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    The difference in texture is due to age. Those broilers are 6 to 8 weeks old and are tender as can be. They are too young to have toughened up. To get any meat on them at all regular chickens have to be a lot older so they are a lot tougher.

    Different people have different ideals of what tough means. Someone used to the broilers from the store will think that practically any regular older chicken is tough, but they just have better texture to me. Point of this is that different ones of us have different expectations. I’m ok with frying a 16 week old chicken. To my wife that is so tough and chewy it’s inedible.

    The secret to cooking a chicken is to cook it according to its age. The older it is the slower it needs to be cooked and the more moisture it needs while cooking. 400 degrees! Wow! 325 is more like it and make sure it does not dry out.

    I never age my chickens before I freeze them. They go in the freezer the day I process them. They thaw in the refrigerator for a couple of days before I cook them so they may age a bit then, but often they have ice crystals in them and are not totally thawed when I cook them. Aging, especially in brine in the refrigerator, does tenderize it some. There are different ways to do it. You need to find one that suits you and your family.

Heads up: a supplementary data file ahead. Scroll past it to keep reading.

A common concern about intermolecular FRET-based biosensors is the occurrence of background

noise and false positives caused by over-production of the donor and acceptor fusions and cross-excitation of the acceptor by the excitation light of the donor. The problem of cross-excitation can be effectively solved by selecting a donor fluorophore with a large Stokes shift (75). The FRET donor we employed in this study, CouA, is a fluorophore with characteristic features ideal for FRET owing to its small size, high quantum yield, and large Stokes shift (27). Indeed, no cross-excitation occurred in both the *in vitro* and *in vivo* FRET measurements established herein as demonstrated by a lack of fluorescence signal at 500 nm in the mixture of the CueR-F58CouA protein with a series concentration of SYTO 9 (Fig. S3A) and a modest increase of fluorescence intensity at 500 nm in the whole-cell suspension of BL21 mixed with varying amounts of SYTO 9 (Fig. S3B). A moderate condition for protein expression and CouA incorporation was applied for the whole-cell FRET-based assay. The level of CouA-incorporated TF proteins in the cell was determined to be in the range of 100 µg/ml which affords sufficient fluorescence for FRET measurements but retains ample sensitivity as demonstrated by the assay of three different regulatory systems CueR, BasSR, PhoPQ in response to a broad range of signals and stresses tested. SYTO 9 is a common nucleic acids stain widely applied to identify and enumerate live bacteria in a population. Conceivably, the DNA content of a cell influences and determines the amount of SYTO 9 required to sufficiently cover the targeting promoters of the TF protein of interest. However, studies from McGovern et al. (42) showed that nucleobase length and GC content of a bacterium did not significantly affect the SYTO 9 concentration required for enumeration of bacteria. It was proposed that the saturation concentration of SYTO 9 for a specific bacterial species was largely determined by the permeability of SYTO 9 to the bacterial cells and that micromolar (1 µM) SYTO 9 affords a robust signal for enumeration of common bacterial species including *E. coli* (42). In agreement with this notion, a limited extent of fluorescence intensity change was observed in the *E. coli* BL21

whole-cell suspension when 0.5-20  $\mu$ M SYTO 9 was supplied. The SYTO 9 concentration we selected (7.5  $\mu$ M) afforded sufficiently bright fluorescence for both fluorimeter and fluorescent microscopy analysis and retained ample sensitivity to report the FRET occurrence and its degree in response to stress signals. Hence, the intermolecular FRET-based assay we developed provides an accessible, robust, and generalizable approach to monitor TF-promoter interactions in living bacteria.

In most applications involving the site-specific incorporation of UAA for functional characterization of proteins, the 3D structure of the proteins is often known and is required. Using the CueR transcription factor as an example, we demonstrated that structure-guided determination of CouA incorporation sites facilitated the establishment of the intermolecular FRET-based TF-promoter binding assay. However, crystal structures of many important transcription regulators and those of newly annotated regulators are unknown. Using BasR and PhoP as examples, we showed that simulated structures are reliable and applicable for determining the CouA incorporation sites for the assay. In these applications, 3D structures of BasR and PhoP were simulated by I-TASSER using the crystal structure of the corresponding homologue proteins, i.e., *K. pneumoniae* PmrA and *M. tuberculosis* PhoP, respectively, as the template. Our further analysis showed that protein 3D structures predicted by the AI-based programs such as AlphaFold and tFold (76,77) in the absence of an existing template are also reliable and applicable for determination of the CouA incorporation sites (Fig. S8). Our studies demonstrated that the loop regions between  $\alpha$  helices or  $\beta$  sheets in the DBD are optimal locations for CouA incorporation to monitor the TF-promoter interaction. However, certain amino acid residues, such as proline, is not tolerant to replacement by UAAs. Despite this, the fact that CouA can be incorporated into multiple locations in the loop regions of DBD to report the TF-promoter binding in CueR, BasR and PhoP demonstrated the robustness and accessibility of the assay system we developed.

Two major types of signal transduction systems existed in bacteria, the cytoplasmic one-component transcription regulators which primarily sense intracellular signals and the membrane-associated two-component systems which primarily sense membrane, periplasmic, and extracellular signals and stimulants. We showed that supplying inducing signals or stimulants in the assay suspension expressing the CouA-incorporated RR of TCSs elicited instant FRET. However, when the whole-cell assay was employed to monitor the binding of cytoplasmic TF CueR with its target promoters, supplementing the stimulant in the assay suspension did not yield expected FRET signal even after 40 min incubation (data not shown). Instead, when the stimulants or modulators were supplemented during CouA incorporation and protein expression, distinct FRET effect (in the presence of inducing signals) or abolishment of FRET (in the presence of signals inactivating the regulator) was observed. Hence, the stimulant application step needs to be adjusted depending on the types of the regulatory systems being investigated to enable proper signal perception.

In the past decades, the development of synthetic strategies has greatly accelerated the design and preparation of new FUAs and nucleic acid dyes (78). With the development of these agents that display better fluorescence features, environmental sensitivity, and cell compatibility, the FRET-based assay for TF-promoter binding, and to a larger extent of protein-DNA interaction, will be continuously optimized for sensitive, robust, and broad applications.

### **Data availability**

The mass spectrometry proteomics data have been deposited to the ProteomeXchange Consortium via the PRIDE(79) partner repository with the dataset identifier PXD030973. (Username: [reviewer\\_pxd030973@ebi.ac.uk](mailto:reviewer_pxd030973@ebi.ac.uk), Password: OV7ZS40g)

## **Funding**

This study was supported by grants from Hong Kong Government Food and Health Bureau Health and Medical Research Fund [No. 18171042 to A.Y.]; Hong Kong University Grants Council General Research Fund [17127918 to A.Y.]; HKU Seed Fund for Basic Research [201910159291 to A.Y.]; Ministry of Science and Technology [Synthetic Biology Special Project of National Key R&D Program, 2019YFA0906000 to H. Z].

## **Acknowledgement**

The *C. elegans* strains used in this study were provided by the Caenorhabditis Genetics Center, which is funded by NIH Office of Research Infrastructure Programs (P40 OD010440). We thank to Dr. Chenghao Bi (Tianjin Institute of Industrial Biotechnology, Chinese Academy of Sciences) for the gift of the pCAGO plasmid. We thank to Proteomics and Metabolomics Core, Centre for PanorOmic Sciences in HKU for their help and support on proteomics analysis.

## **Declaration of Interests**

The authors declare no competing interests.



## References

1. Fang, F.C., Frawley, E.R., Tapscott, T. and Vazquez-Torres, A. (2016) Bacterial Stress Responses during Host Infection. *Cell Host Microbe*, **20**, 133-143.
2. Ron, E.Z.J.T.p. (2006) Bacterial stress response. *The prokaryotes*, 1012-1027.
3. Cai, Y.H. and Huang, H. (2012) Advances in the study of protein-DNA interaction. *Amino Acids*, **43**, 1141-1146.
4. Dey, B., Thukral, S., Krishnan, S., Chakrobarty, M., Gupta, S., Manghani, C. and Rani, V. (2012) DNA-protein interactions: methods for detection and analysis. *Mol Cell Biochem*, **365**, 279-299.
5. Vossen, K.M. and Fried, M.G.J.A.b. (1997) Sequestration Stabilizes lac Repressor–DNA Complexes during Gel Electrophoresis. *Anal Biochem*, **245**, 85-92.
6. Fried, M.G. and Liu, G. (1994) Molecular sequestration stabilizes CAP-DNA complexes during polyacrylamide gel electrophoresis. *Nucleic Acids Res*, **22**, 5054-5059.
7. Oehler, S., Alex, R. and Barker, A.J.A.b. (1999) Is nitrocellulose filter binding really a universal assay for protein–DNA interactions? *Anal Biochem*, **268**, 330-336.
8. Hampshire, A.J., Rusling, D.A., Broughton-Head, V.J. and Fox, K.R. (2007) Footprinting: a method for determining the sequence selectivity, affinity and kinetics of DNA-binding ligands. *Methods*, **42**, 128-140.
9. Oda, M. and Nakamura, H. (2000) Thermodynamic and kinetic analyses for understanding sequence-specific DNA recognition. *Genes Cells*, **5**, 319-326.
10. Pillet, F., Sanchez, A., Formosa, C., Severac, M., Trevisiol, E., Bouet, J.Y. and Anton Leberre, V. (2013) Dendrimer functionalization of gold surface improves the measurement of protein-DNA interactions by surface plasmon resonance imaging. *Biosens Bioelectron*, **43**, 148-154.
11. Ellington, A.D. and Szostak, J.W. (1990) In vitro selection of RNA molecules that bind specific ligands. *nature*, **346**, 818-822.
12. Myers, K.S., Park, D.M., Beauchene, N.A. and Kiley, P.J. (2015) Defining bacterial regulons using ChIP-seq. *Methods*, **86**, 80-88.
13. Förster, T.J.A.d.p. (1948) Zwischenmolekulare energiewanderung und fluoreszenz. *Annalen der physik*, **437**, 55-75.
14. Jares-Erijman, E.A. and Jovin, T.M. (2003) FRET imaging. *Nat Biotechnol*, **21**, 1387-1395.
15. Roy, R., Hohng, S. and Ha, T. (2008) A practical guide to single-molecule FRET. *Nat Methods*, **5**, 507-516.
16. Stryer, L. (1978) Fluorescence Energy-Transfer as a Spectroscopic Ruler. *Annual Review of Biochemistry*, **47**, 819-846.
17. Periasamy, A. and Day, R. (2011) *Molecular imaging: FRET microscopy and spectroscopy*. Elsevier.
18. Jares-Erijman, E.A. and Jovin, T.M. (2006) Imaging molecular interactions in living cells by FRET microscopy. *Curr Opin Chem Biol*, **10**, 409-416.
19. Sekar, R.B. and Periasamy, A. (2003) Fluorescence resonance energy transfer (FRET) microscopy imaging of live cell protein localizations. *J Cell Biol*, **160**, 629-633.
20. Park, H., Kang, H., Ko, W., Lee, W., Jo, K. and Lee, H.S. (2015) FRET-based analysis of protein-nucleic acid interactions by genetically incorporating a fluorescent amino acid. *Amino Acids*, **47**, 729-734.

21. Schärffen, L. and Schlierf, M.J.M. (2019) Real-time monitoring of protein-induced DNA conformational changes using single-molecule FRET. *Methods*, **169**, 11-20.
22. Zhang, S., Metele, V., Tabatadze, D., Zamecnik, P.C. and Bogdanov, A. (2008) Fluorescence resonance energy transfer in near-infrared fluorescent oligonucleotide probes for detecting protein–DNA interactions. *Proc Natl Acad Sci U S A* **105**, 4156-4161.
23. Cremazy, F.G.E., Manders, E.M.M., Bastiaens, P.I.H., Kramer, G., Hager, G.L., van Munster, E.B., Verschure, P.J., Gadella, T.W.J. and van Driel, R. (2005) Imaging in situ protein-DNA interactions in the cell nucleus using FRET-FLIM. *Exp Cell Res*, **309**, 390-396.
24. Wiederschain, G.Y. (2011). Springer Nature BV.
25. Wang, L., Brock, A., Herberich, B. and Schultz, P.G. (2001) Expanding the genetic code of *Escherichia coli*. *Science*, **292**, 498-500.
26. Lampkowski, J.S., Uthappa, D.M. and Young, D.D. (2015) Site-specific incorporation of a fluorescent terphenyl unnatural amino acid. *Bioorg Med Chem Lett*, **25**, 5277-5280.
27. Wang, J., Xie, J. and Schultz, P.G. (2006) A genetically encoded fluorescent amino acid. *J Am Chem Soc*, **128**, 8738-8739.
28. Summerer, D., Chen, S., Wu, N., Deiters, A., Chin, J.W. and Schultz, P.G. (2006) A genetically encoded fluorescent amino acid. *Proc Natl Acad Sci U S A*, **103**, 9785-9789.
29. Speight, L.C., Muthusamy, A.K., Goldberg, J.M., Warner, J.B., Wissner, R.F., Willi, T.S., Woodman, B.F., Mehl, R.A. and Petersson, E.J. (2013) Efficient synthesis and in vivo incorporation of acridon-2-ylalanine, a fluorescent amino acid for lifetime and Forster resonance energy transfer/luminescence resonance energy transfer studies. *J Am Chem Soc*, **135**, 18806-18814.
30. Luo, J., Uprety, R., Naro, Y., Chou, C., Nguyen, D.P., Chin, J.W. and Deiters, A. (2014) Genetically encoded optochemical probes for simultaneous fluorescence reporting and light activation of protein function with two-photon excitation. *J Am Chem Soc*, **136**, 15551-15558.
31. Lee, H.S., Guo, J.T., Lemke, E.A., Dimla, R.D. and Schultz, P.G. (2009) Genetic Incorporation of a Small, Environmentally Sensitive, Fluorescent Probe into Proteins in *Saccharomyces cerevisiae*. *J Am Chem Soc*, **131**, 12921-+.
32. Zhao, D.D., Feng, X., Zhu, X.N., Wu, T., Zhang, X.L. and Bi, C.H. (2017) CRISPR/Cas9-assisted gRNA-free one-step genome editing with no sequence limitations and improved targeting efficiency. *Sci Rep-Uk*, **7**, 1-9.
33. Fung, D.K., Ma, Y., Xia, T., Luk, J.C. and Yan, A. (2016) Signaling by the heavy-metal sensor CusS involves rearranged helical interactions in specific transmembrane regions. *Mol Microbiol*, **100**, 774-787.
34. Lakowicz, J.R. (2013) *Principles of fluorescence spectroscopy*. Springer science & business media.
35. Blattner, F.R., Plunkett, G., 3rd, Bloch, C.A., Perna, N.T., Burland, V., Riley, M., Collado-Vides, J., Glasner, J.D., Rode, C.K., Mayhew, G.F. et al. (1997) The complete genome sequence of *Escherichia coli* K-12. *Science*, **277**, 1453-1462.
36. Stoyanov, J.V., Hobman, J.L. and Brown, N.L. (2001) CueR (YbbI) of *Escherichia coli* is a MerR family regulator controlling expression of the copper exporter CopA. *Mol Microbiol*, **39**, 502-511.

There are several ways to cook an older bird. Coq au vin is the traditional French way to cook an old rooster but be careful where you get your recipe. Way too many recipes on the internet and in modern cookbooks are set up for those babies you buy at the store, not the true old roosters.

    Next time you process a bird, try it this way regardless of age. Cut in into serving pieces. Put it in a crock pot with a bay leaf, about 10 peppercorns, a rough chopped onion, carrot, and celery, and somewhere between a teaspoon and a tablespoon of oregano and basil depending on your tastes. Cover with water and cook on low for 8 hours. A tender young bird may not need to go quite that long. For an old old bird you might want to go 10 hours. Experiment a little and find out what works for you.